After releasing a pair of albums on Hospital Records – and independent, London-based label known as a hotbed for the speedy dance sub-genre dubbed drum and bass – the Belgian producer Netsky switched to a major for his latest full-length: 3 arrives today via Sony in Europe and Ultra in America.
It shows Netsky working to expand his sound, often via collaboration: “TNT,” with Chromeo, channels that duo’s ‘80s synth-funk style, while “Higher,” with Jauz, is a chomping, big-tent-appropriate track. Billboard Dance caught up with Netsky to discuss his roots in drum and bass and his new efforts to increase his sonic range.
Do you remember the first drum and bass record you heard?
I remember the first drum and bass night I went to. There was an underground club in Antwerp where I live now where I went when I was a teen. They played a drum and bass remix of Kanye West’s “Golddigger.” I was completely in love with the original, like every kid my age, but that remix made it even more special, more energetic. It really showed me that drum and bass wasn’t just a genre for the dance floor – you could combine it with a sample and a chorus.
Do you define drum and bass by a b.p.m. measure?
Unlike other genres, it’s very strict around its b.p.m. The tempo dictates the genre a lot – most of the tempos are between 172 and 176 b.p.m. There’s always variation where people go half-time, like 85 b.p.m.
A lot of the dance music that’s coming out now is slowing down – what do you like about that 172 – 176 window?
For a lot of people that don’t get that tempo, they feel it’s really fast. When I danced to drum and bass as a kid, I listened to it as if it was 85 b.p.m. — like it was a hip-hop record. For me drum and bass is more about the snare then the kick drum. The snare is always on the first beat and third bar, a very consistent thing throughout the track, and that makes it feel like a hip-hop track, or even some funk.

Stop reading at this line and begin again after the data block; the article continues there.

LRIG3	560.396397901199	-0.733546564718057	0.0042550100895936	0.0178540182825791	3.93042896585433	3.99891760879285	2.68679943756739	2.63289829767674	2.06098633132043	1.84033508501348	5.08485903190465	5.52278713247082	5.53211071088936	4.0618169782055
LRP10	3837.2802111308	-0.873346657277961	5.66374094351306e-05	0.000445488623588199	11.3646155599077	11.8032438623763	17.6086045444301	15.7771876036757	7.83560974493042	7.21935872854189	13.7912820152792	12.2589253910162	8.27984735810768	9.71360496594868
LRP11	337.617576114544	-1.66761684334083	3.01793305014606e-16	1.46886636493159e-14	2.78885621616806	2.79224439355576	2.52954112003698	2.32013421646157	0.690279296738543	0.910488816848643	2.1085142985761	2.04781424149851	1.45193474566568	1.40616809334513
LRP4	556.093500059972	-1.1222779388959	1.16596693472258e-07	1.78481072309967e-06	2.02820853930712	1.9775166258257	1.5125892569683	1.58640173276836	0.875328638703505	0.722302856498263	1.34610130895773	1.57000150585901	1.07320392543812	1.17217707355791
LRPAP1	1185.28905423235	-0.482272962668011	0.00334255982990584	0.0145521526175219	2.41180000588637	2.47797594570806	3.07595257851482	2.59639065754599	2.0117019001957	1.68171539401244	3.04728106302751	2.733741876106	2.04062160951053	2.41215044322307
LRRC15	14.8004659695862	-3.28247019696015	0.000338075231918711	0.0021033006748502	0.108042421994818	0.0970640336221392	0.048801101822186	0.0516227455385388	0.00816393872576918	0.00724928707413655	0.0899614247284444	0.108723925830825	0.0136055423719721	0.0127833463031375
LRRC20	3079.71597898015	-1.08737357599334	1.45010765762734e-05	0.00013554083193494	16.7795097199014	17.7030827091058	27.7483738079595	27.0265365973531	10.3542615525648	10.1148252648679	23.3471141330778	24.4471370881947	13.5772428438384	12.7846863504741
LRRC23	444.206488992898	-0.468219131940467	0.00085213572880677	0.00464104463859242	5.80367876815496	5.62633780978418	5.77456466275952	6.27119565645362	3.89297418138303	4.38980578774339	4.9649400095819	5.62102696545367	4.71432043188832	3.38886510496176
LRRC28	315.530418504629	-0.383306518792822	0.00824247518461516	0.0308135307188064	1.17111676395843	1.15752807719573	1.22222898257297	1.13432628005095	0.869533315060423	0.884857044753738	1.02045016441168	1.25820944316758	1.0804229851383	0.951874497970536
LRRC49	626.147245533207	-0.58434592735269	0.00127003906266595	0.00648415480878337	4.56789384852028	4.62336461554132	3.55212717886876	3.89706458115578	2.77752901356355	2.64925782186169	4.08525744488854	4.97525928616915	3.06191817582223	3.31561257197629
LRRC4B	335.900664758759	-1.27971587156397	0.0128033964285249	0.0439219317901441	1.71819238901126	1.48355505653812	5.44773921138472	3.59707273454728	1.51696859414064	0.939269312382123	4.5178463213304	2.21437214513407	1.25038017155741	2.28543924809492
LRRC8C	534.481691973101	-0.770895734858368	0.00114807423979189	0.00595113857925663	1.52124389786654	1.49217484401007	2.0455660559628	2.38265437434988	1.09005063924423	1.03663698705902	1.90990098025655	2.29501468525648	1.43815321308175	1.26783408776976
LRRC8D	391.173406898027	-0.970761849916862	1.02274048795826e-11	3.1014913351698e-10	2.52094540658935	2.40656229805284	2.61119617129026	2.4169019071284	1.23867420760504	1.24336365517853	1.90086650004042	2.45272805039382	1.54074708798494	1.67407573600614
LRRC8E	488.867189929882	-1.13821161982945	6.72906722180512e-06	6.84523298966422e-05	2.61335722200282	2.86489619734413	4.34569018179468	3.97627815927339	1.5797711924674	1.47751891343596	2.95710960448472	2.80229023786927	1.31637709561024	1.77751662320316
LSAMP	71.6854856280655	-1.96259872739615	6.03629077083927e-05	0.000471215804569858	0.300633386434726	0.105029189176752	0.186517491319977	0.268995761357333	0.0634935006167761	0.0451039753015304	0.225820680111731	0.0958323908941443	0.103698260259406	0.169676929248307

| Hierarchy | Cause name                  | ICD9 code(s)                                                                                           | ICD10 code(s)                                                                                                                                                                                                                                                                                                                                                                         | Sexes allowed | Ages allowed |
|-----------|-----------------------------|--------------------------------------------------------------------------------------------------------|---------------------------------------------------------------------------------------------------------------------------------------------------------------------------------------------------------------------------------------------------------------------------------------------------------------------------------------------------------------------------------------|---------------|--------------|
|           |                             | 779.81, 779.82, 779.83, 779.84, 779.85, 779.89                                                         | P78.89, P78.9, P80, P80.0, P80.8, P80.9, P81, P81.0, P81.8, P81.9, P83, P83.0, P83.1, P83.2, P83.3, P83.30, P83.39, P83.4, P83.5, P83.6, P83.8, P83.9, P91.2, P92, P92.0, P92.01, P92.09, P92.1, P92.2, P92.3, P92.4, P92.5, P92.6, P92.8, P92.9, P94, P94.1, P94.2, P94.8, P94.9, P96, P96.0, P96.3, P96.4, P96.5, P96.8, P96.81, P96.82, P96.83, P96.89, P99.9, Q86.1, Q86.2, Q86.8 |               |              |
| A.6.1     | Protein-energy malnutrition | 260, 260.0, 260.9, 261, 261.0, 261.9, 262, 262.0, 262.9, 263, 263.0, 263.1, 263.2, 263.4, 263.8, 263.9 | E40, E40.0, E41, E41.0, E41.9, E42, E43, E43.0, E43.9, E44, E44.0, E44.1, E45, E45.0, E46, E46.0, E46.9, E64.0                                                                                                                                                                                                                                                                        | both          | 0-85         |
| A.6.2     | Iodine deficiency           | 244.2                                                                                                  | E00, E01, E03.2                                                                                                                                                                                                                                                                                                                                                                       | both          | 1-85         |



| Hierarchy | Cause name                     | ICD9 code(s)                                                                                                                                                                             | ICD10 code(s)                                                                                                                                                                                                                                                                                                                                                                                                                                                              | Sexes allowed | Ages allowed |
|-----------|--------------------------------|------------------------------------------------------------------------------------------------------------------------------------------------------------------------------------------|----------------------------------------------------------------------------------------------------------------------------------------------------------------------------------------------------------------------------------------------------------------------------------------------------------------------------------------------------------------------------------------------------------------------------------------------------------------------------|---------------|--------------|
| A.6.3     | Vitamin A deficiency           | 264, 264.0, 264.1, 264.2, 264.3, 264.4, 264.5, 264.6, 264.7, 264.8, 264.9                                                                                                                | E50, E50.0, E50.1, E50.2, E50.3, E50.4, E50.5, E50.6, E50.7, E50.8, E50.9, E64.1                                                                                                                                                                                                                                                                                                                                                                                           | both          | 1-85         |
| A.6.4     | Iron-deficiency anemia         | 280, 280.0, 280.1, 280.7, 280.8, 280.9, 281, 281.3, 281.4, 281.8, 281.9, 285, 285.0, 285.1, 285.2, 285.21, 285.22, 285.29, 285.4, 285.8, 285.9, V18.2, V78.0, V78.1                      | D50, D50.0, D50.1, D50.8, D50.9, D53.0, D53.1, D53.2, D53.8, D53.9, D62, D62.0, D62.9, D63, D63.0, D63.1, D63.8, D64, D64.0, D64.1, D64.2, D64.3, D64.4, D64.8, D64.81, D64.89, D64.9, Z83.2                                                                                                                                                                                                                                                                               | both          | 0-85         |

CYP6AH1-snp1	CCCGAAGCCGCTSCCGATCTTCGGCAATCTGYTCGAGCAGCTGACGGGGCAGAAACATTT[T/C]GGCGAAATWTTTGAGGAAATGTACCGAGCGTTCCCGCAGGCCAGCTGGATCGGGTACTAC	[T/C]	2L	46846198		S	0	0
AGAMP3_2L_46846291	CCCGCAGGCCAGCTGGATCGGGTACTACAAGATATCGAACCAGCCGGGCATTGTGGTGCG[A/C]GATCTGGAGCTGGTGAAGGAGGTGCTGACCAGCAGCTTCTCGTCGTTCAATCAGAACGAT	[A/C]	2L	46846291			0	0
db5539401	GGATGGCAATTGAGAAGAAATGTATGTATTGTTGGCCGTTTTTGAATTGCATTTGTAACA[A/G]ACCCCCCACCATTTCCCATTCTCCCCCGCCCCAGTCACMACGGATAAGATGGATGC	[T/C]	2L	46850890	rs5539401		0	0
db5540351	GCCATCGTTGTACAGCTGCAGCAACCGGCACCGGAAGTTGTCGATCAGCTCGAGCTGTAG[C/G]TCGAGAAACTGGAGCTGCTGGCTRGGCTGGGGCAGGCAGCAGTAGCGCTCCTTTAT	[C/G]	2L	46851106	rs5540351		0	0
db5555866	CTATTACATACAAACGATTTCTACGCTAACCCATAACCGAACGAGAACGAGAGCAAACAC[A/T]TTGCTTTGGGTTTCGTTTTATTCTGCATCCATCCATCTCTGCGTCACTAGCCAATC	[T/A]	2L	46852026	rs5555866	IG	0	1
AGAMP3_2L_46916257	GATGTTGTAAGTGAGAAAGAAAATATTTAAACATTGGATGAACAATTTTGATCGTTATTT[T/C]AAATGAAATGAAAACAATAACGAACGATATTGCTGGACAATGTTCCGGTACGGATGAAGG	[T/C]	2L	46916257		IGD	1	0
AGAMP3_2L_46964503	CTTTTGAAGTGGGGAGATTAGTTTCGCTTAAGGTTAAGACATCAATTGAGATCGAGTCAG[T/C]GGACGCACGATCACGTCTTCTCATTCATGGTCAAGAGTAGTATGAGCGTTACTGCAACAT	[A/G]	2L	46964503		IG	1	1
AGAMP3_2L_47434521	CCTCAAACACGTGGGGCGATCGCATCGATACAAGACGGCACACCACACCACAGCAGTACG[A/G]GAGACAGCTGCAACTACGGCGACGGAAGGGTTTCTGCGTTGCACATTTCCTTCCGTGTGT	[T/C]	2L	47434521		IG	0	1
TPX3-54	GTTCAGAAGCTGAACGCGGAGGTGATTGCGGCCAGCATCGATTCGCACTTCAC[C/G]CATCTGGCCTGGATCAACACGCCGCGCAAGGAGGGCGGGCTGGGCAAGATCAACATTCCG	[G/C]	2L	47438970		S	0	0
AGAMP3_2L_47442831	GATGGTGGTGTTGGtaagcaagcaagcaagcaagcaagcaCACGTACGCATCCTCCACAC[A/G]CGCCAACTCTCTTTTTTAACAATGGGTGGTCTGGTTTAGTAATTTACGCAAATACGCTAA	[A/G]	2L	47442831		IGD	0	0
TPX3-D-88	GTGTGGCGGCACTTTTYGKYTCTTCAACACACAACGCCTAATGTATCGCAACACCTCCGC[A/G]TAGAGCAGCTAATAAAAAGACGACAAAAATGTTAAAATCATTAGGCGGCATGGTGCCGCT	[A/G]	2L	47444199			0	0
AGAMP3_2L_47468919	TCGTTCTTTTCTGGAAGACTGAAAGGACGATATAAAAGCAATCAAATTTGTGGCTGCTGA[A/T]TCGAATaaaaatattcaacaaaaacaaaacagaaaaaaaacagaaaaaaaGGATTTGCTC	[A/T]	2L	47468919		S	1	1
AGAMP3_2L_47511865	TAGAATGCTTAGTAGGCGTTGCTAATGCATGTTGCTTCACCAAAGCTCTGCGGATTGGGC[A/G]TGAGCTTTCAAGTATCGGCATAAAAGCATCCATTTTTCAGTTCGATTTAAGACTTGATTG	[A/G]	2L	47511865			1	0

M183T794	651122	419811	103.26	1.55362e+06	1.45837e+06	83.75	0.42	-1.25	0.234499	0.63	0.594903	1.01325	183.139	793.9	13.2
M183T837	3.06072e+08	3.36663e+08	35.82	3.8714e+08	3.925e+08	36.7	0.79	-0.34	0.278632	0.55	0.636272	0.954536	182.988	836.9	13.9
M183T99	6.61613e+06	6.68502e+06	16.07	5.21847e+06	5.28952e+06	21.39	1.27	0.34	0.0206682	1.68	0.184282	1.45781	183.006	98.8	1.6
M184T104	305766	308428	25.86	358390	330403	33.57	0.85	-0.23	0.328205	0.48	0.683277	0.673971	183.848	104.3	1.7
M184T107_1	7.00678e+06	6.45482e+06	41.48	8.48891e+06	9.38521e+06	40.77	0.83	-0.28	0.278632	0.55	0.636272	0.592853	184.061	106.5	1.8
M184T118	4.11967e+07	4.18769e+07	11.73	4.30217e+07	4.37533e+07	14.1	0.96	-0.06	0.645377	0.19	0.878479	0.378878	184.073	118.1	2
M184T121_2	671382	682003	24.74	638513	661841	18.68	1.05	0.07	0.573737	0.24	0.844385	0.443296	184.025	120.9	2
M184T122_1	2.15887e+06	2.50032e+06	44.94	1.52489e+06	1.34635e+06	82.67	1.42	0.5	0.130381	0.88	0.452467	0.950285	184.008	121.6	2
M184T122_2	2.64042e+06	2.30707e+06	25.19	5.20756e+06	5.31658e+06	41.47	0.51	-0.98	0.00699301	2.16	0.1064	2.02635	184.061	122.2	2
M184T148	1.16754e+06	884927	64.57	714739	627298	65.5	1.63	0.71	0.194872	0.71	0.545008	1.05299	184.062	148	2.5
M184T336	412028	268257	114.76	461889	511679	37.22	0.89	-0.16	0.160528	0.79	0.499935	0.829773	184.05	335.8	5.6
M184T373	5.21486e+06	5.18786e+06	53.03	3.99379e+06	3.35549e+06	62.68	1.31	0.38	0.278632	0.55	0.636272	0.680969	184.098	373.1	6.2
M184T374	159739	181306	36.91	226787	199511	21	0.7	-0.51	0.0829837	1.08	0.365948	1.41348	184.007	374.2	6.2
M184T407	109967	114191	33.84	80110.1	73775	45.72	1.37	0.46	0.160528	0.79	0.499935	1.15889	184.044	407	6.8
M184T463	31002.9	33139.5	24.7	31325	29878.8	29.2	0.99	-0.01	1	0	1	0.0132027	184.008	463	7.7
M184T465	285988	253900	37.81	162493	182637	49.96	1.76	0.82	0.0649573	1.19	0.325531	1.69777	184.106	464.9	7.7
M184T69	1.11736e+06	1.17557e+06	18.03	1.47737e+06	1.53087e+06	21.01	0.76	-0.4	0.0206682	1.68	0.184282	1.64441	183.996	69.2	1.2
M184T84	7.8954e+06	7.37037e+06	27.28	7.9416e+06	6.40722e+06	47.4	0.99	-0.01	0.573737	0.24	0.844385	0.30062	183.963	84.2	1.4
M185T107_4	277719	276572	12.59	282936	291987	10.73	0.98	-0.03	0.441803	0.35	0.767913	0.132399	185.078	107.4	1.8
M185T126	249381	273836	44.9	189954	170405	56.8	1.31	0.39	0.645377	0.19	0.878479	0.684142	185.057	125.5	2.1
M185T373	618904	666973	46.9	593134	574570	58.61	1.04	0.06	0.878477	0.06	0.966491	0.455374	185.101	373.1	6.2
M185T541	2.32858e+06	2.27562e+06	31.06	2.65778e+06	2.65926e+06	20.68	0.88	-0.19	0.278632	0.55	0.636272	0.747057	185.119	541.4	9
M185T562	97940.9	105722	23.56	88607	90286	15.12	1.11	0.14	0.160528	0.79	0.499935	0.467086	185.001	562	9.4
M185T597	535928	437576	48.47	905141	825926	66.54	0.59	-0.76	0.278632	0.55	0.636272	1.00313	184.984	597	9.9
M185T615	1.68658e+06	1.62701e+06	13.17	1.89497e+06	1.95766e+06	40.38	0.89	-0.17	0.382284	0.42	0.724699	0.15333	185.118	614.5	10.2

What I love about house music is that you always have room for so many musical elements. When I first heard drum and bass, I thought there wasn’t really room for those nice chords and instruments and vocals. But you can actually do that in drum and bass too, and add so much more energy to it.
Why did you choose to make the move to a major label?
When I was 19, I signed to Hospital Records, an indie drum and bass label that’s doing really well in that industry. I stayed with them until two years ago. I had a really nice journey with them. I felt it was kind of time to broaden my horizons a little bit musically and find other people to work with outside of the world I was used to.
Dave 1 from Chromeo is an unexpected singer on your album.
I’ve been dying to work with him since the beginning of my career – I’ve always loved their music. I love the way they present themselves. I sent him a DM on Twitter and said, “I’ve got an instrumental I wrote with a chorus, what do you think about it?” In a week’s time, he got back to me. We finished the song in a studio in New York.
What was it like working with Emeli Sandé on “Thunder”?
She’s probably my favorite female vocalist out of the U.K., if not the world. What I heard first was “Heaven,” and I was completely blown away by it. It’s one of those songs that I wish I produced or had something to do with. I’m so jealous of that song. It’s a dream for any drum and bass producer to work with her voice – it goes so well with the atmosphere that drum and bass brings, that kind of cinematic feel.
Her manager’s nephew used to be a big fan of me. He’s quite younger but he used to come to all my gigs in London. I’ve never met him, but apparently he spoke to Emeli about me and said you should let him produce a song for you. I got very lucky there.
Are you worried about balancing your mission to expand your horizons with maintaining that drum and bass core?
The drum and bass scene is important to me. They’re the ones who gave me the opportunity to grow. But the fanbase is very passionate – somebody is almost a traitor in their eyes when they try another genre. I still love drum and bass, and I feel like there’s some really cool drum and bass records out there. But I never want to be pigeonholed.